Preps and the Southern Gentry have long known of linen's power to dispel summer heat without sacrificing a sense of style and elegance. The classic American look has its roots in a fabric that dates back to ancient Egypt, where citizens and cloth-wrapped mummies alike relied on linen's unparalleled breathability to keep from roasting in the desert heat. Fast forward to the early 20th century, when Louisiana clothier Joseph Haspel – the man credited with inventing the seersucker suit in 1909 – saw the innate value of linen's heat-beating characteristics and put it to use in men's suits.
Haspel's hunch was right, and his suits became favored fare for presidents Coolidge, Roosevelt, Truman, and Kennedy – and were seen on the likes of Hollywood gods Humphrey Bogart and Cary Grant. The brand fell into a rough patch for a few decades, but has been revived in recent years by Haspel's great-granddaughter, Laurie Haspel Aronson, who has righted things with a few new lines and updated styles that harken back to Haspel's now classic early designs: three buttons up the middle, a not-too-big, not-too-small lapel, and a hard pleat down the middle of the pant leg.
True linen, made from the flax plant, is in many ways a wonder fabric. It's soft to the touch, yet is very durable and, like silk, stronger when wet. It also doesn't produce lint, and can absorb and shed water quickly. Unlike cotton, which starts to cling and go limp in humid weather, linen wicks moisture away from the body and allows it to evaporate easily (and so stays crisp, dry, and cool). The downside to all this is that linen tends to wrinkle easily. In a casual setting, mildly disheveled linen is considered perfectly fine, but for something more formal, it should be ironed damp on a high setting to get rid of deep creases – don't worry, it'll dry on its own, and quickly. One of linen's other fine traits is that it continues to soften with age, which reduces the creasing effect significantly; the more you wear it, the less it will wrinkle.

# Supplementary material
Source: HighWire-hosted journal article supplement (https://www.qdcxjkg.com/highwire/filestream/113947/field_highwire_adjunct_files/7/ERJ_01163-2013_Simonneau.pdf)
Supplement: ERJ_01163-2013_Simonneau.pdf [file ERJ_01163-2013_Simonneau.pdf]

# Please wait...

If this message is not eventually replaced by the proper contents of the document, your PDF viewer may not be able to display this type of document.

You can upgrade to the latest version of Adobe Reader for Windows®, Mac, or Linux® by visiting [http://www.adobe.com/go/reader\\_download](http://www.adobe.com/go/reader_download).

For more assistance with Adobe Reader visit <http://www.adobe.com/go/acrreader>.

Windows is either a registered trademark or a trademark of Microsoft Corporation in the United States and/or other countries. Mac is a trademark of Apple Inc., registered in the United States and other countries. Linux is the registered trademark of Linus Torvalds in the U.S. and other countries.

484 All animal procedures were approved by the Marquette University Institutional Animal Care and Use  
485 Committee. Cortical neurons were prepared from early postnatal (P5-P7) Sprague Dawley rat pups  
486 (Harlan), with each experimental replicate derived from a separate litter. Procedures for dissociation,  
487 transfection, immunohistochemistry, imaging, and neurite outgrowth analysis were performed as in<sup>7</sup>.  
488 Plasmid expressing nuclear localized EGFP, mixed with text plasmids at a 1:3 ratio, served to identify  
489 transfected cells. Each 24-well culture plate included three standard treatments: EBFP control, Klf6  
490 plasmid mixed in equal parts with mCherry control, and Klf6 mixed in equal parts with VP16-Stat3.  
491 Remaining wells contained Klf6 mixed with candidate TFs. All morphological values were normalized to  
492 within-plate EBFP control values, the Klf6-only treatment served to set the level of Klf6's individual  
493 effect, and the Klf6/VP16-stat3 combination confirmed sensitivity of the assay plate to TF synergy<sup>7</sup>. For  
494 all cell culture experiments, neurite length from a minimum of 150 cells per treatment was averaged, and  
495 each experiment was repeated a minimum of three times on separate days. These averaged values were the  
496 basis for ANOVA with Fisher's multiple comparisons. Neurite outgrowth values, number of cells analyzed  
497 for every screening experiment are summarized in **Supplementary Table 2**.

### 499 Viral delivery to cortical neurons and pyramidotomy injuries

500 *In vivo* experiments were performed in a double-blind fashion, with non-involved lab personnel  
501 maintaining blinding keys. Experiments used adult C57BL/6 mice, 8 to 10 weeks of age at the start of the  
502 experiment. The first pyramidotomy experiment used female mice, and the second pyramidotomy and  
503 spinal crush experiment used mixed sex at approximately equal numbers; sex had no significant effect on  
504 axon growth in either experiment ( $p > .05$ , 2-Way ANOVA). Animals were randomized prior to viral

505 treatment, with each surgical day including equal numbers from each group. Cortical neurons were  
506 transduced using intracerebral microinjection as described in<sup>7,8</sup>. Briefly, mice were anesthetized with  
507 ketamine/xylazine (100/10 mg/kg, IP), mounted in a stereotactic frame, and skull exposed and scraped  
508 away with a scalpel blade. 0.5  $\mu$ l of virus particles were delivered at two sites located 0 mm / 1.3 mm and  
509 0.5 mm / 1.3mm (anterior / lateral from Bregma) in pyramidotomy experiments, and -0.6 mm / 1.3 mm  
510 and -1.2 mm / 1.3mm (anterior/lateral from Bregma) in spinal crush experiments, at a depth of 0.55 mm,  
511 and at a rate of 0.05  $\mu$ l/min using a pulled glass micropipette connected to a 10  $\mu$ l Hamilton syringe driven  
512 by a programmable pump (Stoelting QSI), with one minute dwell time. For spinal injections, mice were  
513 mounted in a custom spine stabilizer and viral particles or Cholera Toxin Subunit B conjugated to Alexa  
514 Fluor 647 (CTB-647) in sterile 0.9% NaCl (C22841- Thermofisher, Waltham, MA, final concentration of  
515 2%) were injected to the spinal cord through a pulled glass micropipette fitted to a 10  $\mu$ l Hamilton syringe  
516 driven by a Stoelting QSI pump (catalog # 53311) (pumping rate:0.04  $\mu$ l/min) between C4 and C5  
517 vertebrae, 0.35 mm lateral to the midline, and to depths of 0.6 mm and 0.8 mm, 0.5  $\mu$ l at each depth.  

In light of such versatility, every man's wardrobe simply ought to include a linen suit (or two, or three – they're often a fraction of the cost of a winter weight suit). All the styles in Haspel's line – in navy, olive, brown as well as some brighter reds and blues – add a dash of panache while maintaining a smart exterior (and cool interior). We think the natural tan and white are the safe summer bet, and fit the part whether you're dressing up with a tie or down with a polo.
"The cool thing about linen suits is that they can be worn as separates," says Aronson. In other words, just the jacket over, say, light-colored summer-weight khakis or jeans, or just the pants under an all-cotton polo. She suggests simple colors and patterns for pairing with the suit: two-toned ties work much better than a slew of bright colors, which come off messy against the textured fabric. [From $295; haspel.com]